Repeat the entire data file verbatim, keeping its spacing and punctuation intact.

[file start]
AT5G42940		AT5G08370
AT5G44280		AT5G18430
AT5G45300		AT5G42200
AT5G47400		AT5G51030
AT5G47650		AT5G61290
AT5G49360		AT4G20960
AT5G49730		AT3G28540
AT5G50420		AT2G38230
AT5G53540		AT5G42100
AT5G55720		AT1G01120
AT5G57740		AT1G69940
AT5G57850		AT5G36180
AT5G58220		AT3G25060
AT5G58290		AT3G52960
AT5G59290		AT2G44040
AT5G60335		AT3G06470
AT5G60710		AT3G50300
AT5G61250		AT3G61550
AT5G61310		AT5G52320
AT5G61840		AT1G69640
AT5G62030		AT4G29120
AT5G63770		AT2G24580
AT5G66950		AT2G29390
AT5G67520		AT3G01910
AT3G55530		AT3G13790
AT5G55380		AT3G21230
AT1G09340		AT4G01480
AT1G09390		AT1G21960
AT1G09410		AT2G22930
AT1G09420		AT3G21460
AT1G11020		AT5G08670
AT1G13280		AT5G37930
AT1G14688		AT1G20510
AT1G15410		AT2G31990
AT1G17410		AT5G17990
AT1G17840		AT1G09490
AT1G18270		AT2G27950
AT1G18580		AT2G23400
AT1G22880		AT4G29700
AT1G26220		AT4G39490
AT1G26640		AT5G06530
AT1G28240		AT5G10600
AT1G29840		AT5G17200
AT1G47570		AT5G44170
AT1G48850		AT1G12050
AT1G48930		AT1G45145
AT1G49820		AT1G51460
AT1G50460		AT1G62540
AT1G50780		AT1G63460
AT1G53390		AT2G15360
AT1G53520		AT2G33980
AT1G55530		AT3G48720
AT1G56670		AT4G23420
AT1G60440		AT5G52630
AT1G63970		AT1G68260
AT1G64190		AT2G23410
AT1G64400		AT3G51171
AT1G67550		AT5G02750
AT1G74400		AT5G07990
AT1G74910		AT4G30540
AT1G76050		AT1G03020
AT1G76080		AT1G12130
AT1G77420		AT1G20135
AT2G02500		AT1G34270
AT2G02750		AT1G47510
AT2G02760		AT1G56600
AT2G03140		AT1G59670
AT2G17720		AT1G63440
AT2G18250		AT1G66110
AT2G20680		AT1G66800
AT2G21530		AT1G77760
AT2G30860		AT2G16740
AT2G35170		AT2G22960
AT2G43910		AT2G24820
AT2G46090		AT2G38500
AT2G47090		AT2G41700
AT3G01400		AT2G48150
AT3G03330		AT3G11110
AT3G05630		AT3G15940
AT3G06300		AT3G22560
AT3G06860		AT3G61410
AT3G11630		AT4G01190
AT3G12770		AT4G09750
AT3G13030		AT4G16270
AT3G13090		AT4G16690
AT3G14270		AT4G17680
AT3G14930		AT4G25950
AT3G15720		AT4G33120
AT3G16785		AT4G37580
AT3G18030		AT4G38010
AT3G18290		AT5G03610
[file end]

AT5G42940		AT5G08370
AT5G44280		AT5G18430
AT5G45300		AT5G42200
AT5G47400		AT5G51030
AT5G47650		AT5G61290
AT5G49360		AT4G20960
AT5G49730		AT3G28540
AT5G50420		AT2G38230
AT5G53540		AT5G42100
AT5G55720		AT1G01120
AT5G57740		AT1G69940
AT5G57850		AT5G36180
AT5G58220		AT3G25060
AT5G58290		AT3G52960
AT5G59290		AT2G44040
AT5G60335		AT3G06470
AT5G60710		AT3G50300
AT5G61250		AT3G61550
AT5G61310		AT5G52320
AT5G61840		AT1G69640
AT5G62030		AT4G29120
AT5G63770		AT2G24580
AT5G66950		AT2G29390
AT5G67520		AT3G01910
AT3G55530		AT3G13790
AT5G55380		AT3G21230
AT1G09340		AT4G01480
AT1G09390		AT1G21960
AT1G09410		AT2G22930
AT1G09420		AT3G21460
AT1G11020		AT5G08670
AT1G13280		AT5G37930
AT1G14688		AT1G20510
AT1G15410		AT2G31990
AT1G17410		AT5G17990
AT1G17840		AT1G09490
AT1G18270		AT2G27950
AT1G18580		AT2G23400
AT1G22880		AT4G29700
AT1G26220		AT4G39490
AT1G26640		AT5G06530
AT1G28240		AT5G10600
AT1G29840		AT5G17200
AT1G47570		AT5G44170
AT1G48850		AT1G12050
AT1G48930		AT1G45145
AT1G49820		AT1G51460
AT1G50460		AT1G62540
AT1G50780		AT1G63460
AT1G53390		AT2G15360
AT1G53520		AT2G33980
AT1G55530		AT3G48720
AT1G56670		AT4G23420
AT1G60440		AT5G52630
AT1G63970		AT1G68260
AT1G64190		AT2G23410
AT1G64400		AT3G51171
AT1G67550		AT5G02750
AT1G74400		AT5G07990
AT1G74910		AT4G30540
AT1G76050		AT1G03020
AT1G76080		AT1G12130
AT1G77420		AT1G20135
AT2G02500		AT1G34270
AT2G02750		AT1G47510
AT2G02760		AT1G56600
AT2G03140		AT1G59670
AT2G17720		AT1G63440
AT2G18250		AT1G66110
AT2G20680		AT1G66800
AT2G21530		AT1G77760
AT2G30860		AT2G16740
AT2G35170		AT2G22960
AT2G43910		AT2G24820
AT2G46090		AT2G38500
AT2G47090		AT2G41700
AT3G01400		AT2G48150
AT3G03330		AT3G11110
AT3G05630		AT3G15940
AT3G06300		AT3G22560
AT3G06860		AT3G61410
AT3G11630		AT4G01190
AT3G12770		AT4G09750
AT3G13030		AT4G16270
AT3G13090		AT4G16690
AT3G14270		AT4G17680
AT3G14930		AT4G25950
AT3G15720		AT4G33120
AT3G16785		AT4G37580
AT3G18030		AT4G38010
AT3G18290		AT5G03610